The German town of Langerwehe is located between the cities of Aachen and Cologne in Westphalia. Potters, working with local clays, produced a wide variety of lead-glazed earthenware and salt-glazed stoneware vessels beginning in the late twelfth century and continuing through the nineteenth century. Inexpensive, mass-produced glass bottles caused a decline in the demand for stoneware storage vessels and eventually led to the end of commercial production. Langerwehe salt-glazed stoneware vessels were similar in form to those made at other production centers in the Rhineland but usually were undecorated (fig. 1). Most of these plain vessels were sturdy, utilitarian forms.
The Langerwehe vessel found near the Gloucester County courthouse in Virginia is a brown salt-glazed stoneware storage jar or butter churn with a distinctive base pinched to make the pot sit securely on dirt floors (fig. 2). It was wheel thrown with a rounded footring and a base, which is slightly domed on the exterior. A foot rim was added by attaching a projecting band of clay to the bottom of the pot, which was imperfectly smoothed at the joints. The footrim was folded downward and pinched to form a series of somewhat evenly spaced scalloped projections that terminate in points (fig. 3). The entire jug is thinly salt-glazed, the characteristic orange-peel texture of which is most apparent on the interior surfaces. The uniformity of the interior glazed surfaces suggests that the pot had a wide rim that allowed the salt glaze to adhere evenly. The interior and exterior surfaces were smoothed before firing but still show some potting rings and fingermarks.
Archaeologist Douglas Sanford, director of the former Gloucester County Archaeology Project, recovered the fragmented vessel in 1976. He found primarily base fragments within a mid- to late-eighteenth-century archaeological context associated with the destruction of a building located in close proximity to the courthouse. In the early nineteenth century the context was impacted by the construction of a debtors’ jail. Initial interpretation of the complex of features found beneath and to the west of the jail leaned toward a tavern or ordinary—perhaps the building marked “Ordinary” or “Clubhouse” on, respectively, the 1754 and 1774 plats of the courthouse area. This establishment served people on court days as well as travelers passing through along “the great roade,” the primary thoroughfare in the county.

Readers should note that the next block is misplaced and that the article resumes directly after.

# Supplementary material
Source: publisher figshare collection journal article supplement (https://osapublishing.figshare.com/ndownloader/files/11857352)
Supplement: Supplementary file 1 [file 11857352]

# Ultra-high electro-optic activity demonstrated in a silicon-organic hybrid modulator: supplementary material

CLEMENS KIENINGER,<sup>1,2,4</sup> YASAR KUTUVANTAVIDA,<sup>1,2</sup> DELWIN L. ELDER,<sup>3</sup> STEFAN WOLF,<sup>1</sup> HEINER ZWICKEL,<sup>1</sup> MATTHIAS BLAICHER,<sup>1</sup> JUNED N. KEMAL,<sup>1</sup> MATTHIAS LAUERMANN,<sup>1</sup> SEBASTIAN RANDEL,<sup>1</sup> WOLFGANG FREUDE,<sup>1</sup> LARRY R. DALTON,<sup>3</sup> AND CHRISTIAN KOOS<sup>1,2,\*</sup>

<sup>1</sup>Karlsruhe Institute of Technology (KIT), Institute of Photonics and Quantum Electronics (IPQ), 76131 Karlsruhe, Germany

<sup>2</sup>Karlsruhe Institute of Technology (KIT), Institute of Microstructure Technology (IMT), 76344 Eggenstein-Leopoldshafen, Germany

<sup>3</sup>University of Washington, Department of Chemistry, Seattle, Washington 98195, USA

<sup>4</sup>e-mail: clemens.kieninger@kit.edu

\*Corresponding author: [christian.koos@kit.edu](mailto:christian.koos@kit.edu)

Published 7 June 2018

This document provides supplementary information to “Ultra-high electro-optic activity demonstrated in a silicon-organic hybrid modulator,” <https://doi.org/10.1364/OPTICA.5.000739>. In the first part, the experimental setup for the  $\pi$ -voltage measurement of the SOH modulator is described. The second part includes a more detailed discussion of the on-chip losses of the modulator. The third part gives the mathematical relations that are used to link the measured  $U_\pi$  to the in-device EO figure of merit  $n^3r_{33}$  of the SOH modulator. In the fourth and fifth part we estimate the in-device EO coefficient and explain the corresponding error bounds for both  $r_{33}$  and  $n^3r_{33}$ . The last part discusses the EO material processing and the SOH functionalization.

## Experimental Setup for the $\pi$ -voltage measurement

German storage jars of this type are virtually unrecorded in Chesapeake archaeological sites, and this vessel represents a unique specimen of this medieval form in a mid-eighteenth-century Virginia context. However, Martha Zierden, Curator of Historical Archaeology at the Charleston Museum in South Carolina, reports the recovery of a similar jar from the James Stobo plantation (1741–1767) at Willtown. It is hoped that, with the publication of this specimen from Gloucester, Virginia, other examples from American sites will be recognized.
William Pittman, David Brown, and Thane Harpole, Fairfield Foundation, Gloucester, Virginia
David R. M. Gaimster with Robin Hildyard, German Stoneware, 1200–1900: Archaeology and Cultural History, Containing a Guide to the Collections of the British Museum, Victoria & Albert Museum, and Museum of London (London: British Museum Press, 1997).
The Töpfereimuseum (Pottery Museum) in Langerwehe, which displays several jugs with the identical scalloped foot, states that these storage jars were used extensively to store such foods as honey, eggs, and sauerkraut.
David Brown, “The Curation and Archaeological Assessment of the Gloucester County Archaeological Project (GCAP),” Gloucester Historical Committee, 2001, p. 13 and Appendix A.
Martha Zierden, Suzanne Linder, and Ronald Anthony, Willtown: An Archaeological and Historical Perspective, Archaeological Contributions 27 (Columbia: South Carolina Department of Archives and History, 1999), p. 205.